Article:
The Scientist

» physiology and developmental biology

Most Recent

image: Why Many Birds Don’t Have Penises

Why Many Birds Don’t Have Penises

By | June 7, 2013

In avian species, a gene induces programmed cell death during development in the area where a phallus would otherwise grow.

1 Comment

image: Loss of Potential

Loss of Potential

By | June 1, 2013

In the fruit fly, the ability of neural stem cells to make the full repertoire of neurons is regulated by the movement of key genes to the nuclear periphery.


image: Epigenetics of Embryonic Stem Cells

Epigenetics of Embryonic Stem Cells

By | May 14, 2013

Researchers track DNA modifications and gene expression in stem cells as they differentiate.

1 Comment

image: Pointed Science

Pointed Science

By | May 1, 2013

University of Vermont neurologist Helene Langevin explains some emerging research attempting to explain the benefits of acupuncture.


image: The Science of Acupuncture

The Science of Acupuncture

By | May 1, 2013

Research is uncovering connective tissue's role in the benefits of the ancient practice.


image: The Science of Stretch

The Science of Stretch

By | May 1, 2013

The study of connective tissue is shedding light on pain and providing new explanations for alternative medicine.


image: Branching Out

Branching Out

By | April 1, 2013

Satellites of the Golgi apparatus generate the microtubules used to grow outer dendrite branches in Drosophila neurons.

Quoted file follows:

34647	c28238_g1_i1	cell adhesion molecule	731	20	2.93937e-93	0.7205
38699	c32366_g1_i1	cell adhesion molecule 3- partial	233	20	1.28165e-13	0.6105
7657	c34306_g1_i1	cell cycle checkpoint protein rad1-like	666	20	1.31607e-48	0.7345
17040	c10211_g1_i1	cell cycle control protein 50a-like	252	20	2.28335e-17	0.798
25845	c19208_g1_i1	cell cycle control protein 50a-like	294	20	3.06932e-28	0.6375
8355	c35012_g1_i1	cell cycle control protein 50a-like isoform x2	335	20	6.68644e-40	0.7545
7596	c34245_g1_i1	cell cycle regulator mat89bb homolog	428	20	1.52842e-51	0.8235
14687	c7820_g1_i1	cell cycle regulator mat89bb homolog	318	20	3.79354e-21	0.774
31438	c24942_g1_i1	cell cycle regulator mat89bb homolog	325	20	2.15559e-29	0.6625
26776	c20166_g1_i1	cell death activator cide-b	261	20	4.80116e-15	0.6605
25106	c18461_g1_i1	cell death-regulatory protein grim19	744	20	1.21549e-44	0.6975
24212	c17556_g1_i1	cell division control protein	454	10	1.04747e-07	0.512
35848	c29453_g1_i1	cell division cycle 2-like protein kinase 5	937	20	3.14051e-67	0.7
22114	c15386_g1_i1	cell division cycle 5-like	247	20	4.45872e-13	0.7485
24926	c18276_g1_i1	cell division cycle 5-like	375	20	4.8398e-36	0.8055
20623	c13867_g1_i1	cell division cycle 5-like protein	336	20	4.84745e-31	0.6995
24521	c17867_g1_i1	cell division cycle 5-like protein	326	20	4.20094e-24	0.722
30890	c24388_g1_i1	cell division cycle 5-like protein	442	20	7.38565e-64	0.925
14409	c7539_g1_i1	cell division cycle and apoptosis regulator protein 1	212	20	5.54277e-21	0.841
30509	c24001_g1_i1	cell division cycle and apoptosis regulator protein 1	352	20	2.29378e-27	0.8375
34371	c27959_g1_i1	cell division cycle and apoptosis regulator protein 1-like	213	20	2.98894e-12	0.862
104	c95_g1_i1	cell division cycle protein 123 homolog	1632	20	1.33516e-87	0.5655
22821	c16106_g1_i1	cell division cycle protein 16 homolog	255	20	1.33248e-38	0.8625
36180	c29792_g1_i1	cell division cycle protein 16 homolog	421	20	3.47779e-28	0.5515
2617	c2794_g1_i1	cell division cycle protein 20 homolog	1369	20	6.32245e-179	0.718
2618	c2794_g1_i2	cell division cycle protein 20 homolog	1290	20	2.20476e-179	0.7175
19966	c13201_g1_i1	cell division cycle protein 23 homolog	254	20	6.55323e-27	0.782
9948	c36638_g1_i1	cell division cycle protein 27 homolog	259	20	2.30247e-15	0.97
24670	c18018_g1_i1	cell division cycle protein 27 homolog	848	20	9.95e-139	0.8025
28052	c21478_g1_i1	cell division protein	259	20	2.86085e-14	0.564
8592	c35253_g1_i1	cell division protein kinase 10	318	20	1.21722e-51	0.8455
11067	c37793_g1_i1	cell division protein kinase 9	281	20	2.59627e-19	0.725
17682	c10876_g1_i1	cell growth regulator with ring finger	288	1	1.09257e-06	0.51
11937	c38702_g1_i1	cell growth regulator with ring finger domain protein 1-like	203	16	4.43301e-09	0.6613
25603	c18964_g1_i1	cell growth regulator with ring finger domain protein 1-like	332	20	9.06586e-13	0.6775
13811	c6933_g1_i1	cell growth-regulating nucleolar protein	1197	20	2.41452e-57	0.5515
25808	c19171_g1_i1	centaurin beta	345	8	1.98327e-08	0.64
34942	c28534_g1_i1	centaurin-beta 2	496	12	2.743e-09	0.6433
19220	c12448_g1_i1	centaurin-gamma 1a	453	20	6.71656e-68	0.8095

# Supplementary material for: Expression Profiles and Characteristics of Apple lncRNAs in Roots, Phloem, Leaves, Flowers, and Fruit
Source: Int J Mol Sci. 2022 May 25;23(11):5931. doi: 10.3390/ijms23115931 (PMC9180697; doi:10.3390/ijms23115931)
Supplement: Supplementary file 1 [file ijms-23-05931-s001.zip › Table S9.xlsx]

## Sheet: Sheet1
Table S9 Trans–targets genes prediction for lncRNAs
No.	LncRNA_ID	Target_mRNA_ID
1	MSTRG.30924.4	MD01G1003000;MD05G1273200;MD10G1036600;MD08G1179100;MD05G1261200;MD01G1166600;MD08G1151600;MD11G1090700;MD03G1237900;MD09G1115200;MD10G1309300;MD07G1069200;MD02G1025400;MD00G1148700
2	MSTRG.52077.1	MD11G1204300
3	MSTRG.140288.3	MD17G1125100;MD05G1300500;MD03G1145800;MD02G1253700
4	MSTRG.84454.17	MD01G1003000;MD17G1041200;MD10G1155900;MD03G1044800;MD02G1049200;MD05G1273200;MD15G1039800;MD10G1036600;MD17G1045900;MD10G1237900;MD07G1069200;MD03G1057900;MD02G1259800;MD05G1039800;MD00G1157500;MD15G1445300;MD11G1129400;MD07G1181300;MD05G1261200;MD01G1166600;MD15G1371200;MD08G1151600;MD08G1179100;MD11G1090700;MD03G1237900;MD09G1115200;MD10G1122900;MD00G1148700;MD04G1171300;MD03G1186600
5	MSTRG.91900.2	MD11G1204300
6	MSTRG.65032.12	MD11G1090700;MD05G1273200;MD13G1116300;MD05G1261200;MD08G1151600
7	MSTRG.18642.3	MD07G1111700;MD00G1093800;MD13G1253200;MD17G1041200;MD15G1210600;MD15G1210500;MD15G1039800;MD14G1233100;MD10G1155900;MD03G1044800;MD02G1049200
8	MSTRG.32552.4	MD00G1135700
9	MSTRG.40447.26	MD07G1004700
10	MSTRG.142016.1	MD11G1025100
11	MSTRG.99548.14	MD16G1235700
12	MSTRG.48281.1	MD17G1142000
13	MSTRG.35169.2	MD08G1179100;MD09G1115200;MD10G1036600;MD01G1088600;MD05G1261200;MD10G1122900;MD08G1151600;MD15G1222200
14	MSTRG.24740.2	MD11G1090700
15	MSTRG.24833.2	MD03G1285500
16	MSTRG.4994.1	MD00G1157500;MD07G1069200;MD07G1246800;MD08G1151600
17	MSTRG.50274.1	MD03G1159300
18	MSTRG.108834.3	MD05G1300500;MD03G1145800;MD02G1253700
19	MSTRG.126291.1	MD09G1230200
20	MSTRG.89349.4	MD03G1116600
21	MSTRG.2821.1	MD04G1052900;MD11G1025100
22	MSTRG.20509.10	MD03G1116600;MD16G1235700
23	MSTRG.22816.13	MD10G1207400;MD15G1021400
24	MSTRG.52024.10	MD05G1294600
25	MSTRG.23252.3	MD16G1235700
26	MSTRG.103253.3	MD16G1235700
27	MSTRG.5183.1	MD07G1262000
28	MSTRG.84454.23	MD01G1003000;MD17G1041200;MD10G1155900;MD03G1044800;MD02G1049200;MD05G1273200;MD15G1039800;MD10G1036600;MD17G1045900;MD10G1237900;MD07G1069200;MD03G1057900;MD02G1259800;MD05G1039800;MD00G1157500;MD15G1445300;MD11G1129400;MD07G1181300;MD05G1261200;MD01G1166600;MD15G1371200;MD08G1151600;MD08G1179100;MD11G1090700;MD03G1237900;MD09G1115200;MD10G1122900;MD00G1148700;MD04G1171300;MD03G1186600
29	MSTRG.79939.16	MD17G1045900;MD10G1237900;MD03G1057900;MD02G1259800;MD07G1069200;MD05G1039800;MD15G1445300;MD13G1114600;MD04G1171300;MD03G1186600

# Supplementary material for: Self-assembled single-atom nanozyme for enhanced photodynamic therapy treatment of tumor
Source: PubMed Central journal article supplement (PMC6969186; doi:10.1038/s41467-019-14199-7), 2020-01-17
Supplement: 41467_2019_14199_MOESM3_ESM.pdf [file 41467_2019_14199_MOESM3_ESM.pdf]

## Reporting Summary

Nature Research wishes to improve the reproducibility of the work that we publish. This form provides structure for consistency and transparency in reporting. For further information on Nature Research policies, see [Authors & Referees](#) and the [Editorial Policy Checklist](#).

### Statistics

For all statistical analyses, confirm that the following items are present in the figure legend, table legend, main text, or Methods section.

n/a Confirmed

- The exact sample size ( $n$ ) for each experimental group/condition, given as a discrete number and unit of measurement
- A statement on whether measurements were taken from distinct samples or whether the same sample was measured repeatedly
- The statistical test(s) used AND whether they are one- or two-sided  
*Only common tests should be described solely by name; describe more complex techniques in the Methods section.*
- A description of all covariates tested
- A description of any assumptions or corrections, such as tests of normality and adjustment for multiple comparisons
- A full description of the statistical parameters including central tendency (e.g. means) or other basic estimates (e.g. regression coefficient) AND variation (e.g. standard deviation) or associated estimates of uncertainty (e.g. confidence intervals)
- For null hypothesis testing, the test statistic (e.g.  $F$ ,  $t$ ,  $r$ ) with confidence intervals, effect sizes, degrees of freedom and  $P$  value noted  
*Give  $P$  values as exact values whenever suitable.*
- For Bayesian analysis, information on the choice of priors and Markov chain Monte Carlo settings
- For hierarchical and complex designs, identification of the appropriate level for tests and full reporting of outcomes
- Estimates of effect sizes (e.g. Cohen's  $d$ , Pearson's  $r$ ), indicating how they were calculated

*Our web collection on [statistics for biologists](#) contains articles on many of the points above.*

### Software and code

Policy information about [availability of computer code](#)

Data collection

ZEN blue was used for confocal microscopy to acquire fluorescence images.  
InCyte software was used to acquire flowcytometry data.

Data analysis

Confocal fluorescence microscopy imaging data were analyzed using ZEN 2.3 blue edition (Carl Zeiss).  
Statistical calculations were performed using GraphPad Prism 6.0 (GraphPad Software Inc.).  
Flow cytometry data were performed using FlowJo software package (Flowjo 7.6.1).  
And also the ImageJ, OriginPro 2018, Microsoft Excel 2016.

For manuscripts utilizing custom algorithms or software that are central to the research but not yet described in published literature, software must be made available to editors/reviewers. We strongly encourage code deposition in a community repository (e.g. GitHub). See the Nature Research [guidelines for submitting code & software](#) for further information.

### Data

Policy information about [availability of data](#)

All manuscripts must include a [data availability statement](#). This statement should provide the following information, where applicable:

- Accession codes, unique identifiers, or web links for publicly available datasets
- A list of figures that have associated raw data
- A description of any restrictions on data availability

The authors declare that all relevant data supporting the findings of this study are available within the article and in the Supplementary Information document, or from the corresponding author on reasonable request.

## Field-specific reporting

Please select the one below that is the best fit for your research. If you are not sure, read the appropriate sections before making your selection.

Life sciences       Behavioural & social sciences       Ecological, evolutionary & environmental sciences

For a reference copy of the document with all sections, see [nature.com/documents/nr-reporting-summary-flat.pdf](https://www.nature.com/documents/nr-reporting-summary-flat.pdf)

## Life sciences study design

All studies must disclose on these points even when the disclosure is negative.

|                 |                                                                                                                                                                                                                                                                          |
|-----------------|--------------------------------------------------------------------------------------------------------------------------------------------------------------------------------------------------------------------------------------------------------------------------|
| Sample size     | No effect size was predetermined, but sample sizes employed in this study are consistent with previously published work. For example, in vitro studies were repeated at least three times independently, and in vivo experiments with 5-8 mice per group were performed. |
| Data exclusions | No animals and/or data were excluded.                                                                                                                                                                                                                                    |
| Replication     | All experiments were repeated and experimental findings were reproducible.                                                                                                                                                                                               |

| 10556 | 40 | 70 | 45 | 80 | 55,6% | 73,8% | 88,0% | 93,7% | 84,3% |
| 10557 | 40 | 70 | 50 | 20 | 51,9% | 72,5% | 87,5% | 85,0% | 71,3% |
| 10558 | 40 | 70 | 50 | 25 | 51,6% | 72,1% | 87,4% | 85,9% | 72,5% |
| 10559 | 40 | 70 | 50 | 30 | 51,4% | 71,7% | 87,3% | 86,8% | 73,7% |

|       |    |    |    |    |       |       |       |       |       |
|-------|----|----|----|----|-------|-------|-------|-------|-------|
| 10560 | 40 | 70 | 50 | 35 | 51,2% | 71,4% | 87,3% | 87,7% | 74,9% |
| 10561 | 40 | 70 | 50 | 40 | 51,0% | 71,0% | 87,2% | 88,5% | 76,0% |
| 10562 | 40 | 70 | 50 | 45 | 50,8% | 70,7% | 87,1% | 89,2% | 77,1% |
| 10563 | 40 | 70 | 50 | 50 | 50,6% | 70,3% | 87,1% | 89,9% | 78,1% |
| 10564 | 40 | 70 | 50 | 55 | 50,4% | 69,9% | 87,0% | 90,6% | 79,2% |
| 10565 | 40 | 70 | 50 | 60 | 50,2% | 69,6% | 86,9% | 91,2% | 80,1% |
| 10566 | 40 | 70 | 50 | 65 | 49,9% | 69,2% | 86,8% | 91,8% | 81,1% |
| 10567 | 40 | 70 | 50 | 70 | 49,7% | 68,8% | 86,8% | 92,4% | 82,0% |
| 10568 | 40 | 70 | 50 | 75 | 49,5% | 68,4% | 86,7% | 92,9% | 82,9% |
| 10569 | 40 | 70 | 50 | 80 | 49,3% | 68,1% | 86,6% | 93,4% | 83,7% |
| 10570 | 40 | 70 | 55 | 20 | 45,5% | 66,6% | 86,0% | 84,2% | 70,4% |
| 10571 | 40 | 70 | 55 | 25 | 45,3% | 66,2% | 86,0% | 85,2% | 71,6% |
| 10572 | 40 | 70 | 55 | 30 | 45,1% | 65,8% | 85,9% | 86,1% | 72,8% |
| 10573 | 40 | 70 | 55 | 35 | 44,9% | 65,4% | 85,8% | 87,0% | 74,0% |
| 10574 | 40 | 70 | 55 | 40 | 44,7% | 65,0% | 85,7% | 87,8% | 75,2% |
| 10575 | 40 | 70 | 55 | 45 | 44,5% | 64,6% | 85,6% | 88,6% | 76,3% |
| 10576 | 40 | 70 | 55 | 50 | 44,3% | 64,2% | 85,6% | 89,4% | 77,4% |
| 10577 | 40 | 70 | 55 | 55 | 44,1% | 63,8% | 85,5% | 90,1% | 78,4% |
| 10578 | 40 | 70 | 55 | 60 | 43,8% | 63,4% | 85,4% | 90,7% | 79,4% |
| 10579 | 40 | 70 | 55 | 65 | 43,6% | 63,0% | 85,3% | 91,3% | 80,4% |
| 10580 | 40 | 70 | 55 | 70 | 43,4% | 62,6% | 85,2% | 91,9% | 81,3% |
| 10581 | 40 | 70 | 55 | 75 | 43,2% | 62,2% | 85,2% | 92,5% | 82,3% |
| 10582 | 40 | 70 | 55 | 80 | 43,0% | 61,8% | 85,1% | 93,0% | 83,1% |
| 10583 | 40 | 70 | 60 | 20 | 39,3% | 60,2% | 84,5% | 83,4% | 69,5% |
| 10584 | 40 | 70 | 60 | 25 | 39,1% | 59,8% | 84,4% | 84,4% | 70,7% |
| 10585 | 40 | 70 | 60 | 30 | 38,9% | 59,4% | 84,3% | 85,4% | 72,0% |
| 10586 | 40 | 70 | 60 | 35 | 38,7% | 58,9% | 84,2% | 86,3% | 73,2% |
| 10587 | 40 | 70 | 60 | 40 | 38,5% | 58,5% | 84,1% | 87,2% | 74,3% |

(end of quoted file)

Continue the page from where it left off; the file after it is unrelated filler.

image: Pluripotent Until Needed

Pluripotent Until Needed

By | April 1, 2013

Microarrays help keep induced pluripotent stem cell lines in check, from start to finish.


image: Smurf-y Old Age

Smurf-y Old Age

By | April 1, 2013

Flies turning blue help researchers link the deterioration of the intestinal barrier to age-related death.


image: All In Proportion

All In Proportion

By | March 2, 2013

Drosophila insulin-like peptides (dILPs) regulate part of the signaling pathway that helps keep organs growing in proportion during development.


Popular Now

  1. Genetic Test Solves Royal Mystery
    Notebook Genetic Test Solves Royal Mystery

    Genetic analyses lay to rest conspiracy theories about death of Belgian King Albert I, who lost his life in a rock climbing accident more than 80 years ago.

  2. Investigation Finds Pathologist Guilty of Systemic Misconduct
  3. Bacteria and Humans Have Been Swapping DNA for Millennia
  4. Opinion: Stop Submitting Papers